Montessori Moments

August 29, 2009

Five Children, Four Paintbrushes: An experiment in sharing

During school tours for prospective students and their parents, the question I am most often asked is: How do you get the children to share?

It’s an obvious question for parents to ask, considering there’s only one of each material on the shelves and up to 24 children in each classroom.  I wish I could distill what happens in a Montessori classroom down to a quick and easy solution for parents to apply at home, but I doubt that is possible.  Come to think of it, even I don’t really know how children in our classrooms have such an easy time sharing.  They just do…

Consider the case of the four paintbrushes… During summer school, I took five children outside to paint our volcano.  Our group consisted of a girl who just turned 3, another girl of 3.5, a boy of 4, another girl of 4.5, and a boy who recently turned 5.  They had all been students in the Montessori environment for one year, except for the 5-year old, who’d been there for two years.  I took four different paints, four containers, and four paintbrushes.  We set the volcano down on the grass, I put the painting materials on the ground, and I invited them to decorate the volcano.  Each child took a paintbrush, and the 4-year old piped up, “I don’t have a paintbrush!”

“Well,” I replied matter-of-factly, “Then you’re all going to have to share and take turns.”  I waited to see if this particularly energetic and impulsive 4-year old would snatch a paintbrush from the 3-year old’s hand.  However, all he did was look around at his friends to see what they were doing.  Suddenly, I heard the 4.5-year old girl say, “Here, you can use my brush.”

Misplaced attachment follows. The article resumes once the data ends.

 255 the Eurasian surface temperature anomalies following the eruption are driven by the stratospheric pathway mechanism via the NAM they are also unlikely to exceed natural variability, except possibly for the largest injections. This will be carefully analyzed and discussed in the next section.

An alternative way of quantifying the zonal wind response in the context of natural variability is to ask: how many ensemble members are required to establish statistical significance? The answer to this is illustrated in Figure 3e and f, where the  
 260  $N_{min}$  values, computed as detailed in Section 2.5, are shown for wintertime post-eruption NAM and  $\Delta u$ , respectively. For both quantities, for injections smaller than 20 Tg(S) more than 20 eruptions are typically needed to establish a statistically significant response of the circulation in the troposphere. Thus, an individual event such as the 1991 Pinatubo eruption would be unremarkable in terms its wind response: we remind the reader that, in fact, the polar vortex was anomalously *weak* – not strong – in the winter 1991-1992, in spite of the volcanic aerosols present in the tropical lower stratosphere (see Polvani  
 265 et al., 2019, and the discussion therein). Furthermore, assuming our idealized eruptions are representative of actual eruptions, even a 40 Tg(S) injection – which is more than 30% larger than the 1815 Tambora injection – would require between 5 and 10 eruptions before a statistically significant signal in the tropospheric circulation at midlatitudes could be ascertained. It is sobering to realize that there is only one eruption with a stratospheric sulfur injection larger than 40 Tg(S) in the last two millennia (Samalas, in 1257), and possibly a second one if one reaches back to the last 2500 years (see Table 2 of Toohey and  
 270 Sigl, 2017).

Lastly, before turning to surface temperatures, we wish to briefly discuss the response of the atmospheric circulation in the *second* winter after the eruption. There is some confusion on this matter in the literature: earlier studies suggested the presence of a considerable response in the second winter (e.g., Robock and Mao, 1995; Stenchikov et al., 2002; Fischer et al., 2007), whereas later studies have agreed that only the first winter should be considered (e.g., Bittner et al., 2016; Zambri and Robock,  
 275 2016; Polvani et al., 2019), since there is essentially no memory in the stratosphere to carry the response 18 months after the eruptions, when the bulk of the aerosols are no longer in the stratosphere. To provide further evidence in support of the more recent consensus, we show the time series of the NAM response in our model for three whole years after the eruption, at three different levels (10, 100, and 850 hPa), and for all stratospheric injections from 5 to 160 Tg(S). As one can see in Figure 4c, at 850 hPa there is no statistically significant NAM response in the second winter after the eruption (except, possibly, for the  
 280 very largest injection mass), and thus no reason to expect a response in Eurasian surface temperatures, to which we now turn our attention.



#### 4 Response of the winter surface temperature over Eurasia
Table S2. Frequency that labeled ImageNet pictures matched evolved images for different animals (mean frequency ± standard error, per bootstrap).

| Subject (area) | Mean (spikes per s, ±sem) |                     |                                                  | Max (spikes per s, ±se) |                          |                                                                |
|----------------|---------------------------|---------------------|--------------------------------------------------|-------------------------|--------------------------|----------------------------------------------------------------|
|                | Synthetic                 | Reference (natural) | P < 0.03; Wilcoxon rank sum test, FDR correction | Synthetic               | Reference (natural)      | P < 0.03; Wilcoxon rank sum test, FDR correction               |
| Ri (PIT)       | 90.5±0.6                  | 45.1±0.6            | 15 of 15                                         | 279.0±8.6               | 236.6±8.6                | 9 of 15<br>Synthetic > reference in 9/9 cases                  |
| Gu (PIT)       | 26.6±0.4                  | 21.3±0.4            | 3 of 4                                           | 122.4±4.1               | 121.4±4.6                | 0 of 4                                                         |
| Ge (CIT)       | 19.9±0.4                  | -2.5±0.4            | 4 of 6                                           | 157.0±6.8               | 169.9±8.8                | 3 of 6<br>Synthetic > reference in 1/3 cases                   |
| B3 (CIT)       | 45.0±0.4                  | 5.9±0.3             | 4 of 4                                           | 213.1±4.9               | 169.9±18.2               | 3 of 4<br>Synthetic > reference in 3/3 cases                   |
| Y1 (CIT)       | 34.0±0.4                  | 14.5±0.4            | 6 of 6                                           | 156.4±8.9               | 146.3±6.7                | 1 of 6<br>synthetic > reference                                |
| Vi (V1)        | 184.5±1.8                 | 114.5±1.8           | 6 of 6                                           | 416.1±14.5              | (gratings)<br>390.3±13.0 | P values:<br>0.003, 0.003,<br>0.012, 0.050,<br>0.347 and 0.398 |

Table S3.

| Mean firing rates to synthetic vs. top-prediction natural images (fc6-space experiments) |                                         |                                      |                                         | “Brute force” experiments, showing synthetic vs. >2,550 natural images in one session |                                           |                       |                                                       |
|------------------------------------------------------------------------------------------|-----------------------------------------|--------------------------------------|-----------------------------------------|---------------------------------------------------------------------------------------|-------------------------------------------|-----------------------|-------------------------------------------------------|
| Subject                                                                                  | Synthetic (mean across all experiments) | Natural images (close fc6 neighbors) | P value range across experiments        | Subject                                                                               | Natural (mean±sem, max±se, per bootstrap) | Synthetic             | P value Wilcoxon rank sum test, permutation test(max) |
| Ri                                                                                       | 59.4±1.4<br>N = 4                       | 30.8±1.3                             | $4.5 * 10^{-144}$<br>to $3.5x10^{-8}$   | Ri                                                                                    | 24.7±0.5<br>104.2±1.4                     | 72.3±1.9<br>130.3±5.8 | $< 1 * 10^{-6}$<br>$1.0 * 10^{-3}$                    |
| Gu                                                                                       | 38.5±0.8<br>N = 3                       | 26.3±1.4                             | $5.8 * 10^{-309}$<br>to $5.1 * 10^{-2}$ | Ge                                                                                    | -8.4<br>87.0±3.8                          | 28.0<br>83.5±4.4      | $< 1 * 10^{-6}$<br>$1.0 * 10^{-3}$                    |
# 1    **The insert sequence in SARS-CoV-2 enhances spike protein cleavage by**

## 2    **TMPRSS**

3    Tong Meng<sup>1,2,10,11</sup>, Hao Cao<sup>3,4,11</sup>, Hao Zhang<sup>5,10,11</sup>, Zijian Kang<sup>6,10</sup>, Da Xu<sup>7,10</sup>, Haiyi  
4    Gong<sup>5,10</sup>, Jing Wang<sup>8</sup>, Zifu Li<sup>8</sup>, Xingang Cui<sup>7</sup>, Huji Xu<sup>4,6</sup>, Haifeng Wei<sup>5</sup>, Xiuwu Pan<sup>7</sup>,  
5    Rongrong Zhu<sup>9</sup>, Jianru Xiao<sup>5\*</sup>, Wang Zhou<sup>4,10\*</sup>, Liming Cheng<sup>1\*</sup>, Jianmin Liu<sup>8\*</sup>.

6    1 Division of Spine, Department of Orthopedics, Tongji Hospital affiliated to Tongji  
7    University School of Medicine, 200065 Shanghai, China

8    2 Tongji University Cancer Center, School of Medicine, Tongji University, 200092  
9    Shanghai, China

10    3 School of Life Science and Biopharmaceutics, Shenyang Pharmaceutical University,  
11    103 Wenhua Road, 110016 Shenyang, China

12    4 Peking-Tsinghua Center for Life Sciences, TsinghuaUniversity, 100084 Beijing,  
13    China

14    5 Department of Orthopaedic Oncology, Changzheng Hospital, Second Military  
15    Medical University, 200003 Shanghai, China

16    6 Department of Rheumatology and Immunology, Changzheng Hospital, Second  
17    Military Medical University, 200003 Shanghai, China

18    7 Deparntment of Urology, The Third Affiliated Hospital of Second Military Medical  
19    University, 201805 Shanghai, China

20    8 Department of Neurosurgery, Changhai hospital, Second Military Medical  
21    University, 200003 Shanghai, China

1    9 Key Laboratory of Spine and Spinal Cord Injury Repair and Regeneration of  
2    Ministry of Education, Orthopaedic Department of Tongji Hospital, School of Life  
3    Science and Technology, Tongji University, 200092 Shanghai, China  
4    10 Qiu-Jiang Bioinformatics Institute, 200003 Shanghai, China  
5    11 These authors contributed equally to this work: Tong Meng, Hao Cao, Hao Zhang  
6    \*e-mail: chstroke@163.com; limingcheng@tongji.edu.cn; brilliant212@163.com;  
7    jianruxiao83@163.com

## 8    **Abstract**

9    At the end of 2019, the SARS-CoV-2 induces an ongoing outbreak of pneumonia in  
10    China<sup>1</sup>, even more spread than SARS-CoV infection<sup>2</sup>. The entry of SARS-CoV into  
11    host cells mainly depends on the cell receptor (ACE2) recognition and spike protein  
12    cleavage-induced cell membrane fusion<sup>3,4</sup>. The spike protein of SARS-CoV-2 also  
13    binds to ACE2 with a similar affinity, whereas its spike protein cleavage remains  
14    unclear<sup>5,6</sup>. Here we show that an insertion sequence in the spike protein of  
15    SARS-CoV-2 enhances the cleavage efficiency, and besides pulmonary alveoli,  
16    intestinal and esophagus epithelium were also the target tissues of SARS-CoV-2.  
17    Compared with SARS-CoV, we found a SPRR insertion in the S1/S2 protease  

She handed the boy her brush and sat back to watch the others work.  The boy thanked her, and as he did so, the 3-year old girl said to the newly brushless girl, “Use my brush.”  The brush was passed from one girl to the other, and the children kept painting.  Moments later, the 5-year old said, “Could I please have the brown?”  The child who had been using the brown looked up and, without hestitation, handed the brown paint and corresponding brush and took the one that was no longer wanted.  “Could I use the purple, please?” asked the 3.5-year old, and the 4-year old boy immediately put his brush down and handed it over with a smile.  Somebody handed a brush to the 3-year old girl who had voluntarily surrendered her brush, and they continued in this way for at least 10 minutes, until they decided their volcano was ready.

I sat back silently throughout the activity, observing and marveling at their social skills and maturity.  What is it about a Montessori environment that teaches children to behave in this manner?  I doubt that my presence had much to do with it.  I simply pointed out that the situation called for them to share, and after that I stepped back and remained a silent witness to their interactions.   There were no threats or punishments, no rewards or praise.  There was simply an expectation on my part, and an understanding on theirs: If they wanted to participate in the activity, they would have to share.

This phenomenon can be witnessed daily in a Montessori classroom, and it’s one more example of the magic that occurs when the ground rules (limits) are in place, the expectations are set, the adult is willing to release the reins, and the abilities and potentialities of the children are respected and nurtured.

If you have experience in the Montessori classroom, I would love to hear your thoughts.  In your opinion, what are the aspects of the prepared environment that show the child how to share?


1 Comment »

  1. Interesting question. I can’t think of anything specific about the physical environment that would contribute to sharing, but I do think this kind of observation is a byproduct of a classroom that values and emphasizes the community rather than the individual .

    Comment by laurenmeyer — September 21, 2009 @ 1:34 am | Reply

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